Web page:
At first my heart sinks. When I click on Section 4, it gives me the choice of “List of Dangerous Goods (Static)”. This would be pretty much what we see in the original blue pages of the hard copy – each entry arranged alphabetically, without any way to sort or rearrange them. But a quick look back up the table shows there’s also the choice of “List of Dangerous Goods (Dynamic).” When we open that up, I’m relieved to see that it retains the functionality of the previous edition with some even better tweaks. We can sort by any column – should you be questioned on “how many entries refer to Packing Instruction 353” you can easily look that up. And we have the same hyperlinking that can take you to Packing Instruction 353 with a single click. These are really the best parts of the electronic version, and I hope that we’ll find them in the new IMDG Code for 2023 as well. 

If you get confused with all the options, there’s a “reset” button that returns the page to its original format, which is handy. 

Step 5 – The Extras 

The “Toolbox” section appears very similar to what we had in previous editions. There’s a fillable Shipper’s Declaration that can save your inputs in a printable PDF; checklists for various types of shipments; and a “Quick Reference” card for cargo handlers. Nothing new here, but still useful features. 

One thing I haven’t been able to explore yet is how well the “Bookshelf” feature interacts with other documents such as the IMDG Code for marine shipments. But it does appear to be pretty robust, and I don’t expect any serious issues or slowdowns.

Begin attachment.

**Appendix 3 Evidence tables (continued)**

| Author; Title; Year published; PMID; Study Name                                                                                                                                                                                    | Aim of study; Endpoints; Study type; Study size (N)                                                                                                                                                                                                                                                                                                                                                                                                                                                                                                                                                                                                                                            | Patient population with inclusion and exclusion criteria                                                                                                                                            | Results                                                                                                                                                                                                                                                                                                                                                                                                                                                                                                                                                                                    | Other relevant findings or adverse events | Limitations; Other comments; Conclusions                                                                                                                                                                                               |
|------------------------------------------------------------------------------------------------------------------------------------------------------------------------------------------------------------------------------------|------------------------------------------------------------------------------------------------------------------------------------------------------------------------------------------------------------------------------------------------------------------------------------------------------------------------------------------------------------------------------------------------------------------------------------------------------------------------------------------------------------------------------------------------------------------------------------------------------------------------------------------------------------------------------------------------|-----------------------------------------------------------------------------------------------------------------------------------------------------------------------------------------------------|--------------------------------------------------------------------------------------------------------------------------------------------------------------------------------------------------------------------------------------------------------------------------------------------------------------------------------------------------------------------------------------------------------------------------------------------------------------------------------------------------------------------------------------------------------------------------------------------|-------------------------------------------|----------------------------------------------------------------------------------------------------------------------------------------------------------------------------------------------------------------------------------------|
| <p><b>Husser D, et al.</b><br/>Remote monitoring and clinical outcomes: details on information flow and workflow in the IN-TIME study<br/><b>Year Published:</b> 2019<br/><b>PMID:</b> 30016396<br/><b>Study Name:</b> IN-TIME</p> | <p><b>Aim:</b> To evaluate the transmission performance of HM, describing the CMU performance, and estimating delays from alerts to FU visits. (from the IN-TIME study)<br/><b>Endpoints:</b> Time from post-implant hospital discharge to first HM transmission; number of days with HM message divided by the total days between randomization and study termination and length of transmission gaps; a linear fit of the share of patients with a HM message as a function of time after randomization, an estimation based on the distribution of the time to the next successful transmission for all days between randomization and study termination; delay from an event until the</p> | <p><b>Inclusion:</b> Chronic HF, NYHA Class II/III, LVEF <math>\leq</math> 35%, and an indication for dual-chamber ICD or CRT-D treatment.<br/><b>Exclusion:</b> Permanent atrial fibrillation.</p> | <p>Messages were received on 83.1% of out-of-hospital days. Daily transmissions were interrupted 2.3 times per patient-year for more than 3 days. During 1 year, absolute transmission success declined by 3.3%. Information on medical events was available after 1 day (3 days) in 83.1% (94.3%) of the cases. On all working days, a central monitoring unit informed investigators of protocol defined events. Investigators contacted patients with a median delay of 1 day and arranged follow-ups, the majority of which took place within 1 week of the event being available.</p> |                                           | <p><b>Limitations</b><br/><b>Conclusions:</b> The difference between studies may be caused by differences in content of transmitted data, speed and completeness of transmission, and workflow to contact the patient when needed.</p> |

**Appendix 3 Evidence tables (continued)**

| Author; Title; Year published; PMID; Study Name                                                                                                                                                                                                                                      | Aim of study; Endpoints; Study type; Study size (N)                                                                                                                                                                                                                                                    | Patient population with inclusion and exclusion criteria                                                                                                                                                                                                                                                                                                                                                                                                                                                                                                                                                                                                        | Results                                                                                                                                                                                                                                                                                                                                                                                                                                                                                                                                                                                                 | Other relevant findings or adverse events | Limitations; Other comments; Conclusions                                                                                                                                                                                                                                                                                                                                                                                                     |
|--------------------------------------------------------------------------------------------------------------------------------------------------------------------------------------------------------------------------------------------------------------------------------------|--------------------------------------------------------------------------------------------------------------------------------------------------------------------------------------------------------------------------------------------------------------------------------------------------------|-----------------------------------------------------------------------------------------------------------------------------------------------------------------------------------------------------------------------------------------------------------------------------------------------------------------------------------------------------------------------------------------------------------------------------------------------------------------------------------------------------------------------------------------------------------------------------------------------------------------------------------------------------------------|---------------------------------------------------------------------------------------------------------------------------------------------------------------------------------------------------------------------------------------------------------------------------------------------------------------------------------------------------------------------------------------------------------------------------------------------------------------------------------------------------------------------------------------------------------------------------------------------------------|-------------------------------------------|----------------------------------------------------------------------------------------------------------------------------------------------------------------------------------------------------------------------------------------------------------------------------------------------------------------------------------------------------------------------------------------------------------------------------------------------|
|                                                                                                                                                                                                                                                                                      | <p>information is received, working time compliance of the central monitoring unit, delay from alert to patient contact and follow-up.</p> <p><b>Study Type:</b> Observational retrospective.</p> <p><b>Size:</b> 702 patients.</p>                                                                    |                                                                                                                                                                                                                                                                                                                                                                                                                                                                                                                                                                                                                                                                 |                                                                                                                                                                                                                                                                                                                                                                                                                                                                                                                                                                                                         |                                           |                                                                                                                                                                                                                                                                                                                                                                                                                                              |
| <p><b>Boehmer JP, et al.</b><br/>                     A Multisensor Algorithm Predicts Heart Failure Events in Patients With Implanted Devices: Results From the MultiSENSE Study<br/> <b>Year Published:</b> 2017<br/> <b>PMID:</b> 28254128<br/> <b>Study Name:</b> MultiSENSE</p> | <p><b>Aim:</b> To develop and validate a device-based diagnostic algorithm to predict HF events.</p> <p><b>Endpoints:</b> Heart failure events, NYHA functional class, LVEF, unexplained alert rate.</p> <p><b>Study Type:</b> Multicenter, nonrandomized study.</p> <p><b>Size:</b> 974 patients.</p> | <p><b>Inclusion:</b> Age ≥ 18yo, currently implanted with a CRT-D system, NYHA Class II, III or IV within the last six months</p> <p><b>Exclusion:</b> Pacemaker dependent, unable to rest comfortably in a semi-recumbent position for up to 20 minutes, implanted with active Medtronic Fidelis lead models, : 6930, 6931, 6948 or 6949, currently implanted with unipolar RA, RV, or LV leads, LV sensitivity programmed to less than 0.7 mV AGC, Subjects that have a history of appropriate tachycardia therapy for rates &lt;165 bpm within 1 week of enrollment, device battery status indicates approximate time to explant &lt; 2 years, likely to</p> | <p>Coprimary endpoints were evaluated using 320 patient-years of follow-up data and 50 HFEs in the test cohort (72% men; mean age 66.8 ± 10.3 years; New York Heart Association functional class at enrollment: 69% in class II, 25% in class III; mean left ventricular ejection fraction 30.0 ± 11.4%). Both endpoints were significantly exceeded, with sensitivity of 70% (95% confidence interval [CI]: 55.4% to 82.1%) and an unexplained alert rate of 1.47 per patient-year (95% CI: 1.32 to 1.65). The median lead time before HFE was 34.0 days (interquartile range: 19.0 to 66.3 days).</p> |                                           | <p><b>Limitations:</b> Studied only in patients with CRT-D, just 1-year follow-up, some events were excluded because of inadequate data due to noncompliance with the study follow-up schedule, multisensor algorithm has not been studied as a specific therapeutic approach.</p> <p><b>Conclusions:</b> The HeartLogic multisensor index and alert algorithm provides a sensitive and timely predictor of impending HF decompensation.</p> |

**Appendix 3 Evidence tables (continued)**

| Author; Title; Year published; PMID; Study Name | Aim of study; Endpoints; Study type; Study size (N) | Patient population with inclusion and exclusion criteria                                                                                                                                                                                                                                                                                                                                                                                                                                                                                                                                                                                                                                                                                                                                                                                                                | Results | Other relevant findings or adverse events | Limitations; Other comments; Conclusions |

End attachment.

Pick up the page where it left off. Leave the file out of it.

I would, if I were talking to the creators, ask a simple thing though – an automatic button on my desktop and bookmark on my browser. Without these, it takes a couple of extra steps to get back to the program. 


So, how do I like the new format? I’ll have to give it the “So far, so good” thumbs up score. It appears to do whatever the old version did, and in some cases has introduced new usability features. The speed of access to features is great, and installation was (compared to earlier years) a relative breeze. 

If you ship dangerous goods by air, you need the IATA DGR. And if you’re mobile, working from home or doing a lot of online discussion of air shipments, the e-version is the way to go. Don’t wait until the last minute – contact ICC Compliance Center here at 888-977-4834 (Canada) or 888-442-9628 (U.S.) and place an order. Questions about new aspects of the 2023 edition? Call and ask for our regulatory staff to step you through the latest updates. 

International Air Transport Association (IATA)
IATA, “What are the New Regulations and Standards in Air Cargo and Ground Handling Operations?” 

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Barbara Foster

Barbara Foster graduated from Dalhousie University with a Master’s degree in Chemistry and a Bachelor’s degree in Education. As one of ICC Compliance Center’s most senior employees, she has worked in the Toronto office for the past three decades as a Regulatory Affairs Specialist and Trainer. She is fluent in various US, Canadian, and international regulations involving transportation, including TDG, 49 CFR, ICAO, IMDG, and the ADR/RID. She also specializes in the hazard communication standards of OSHA, WHMIS, CCCR, and the Globally Harmonized System for Classification and Labelling (GHS). Barbara is the author of ICC’s TDG Clear Language Driver and Handler’s Guide. Currently, she is a participant on the Canadian General Standards Board committee where she creates training standards for transportation of dangerous goods in Canada and is a past Chair of the Dangerous Goods Advisory Council.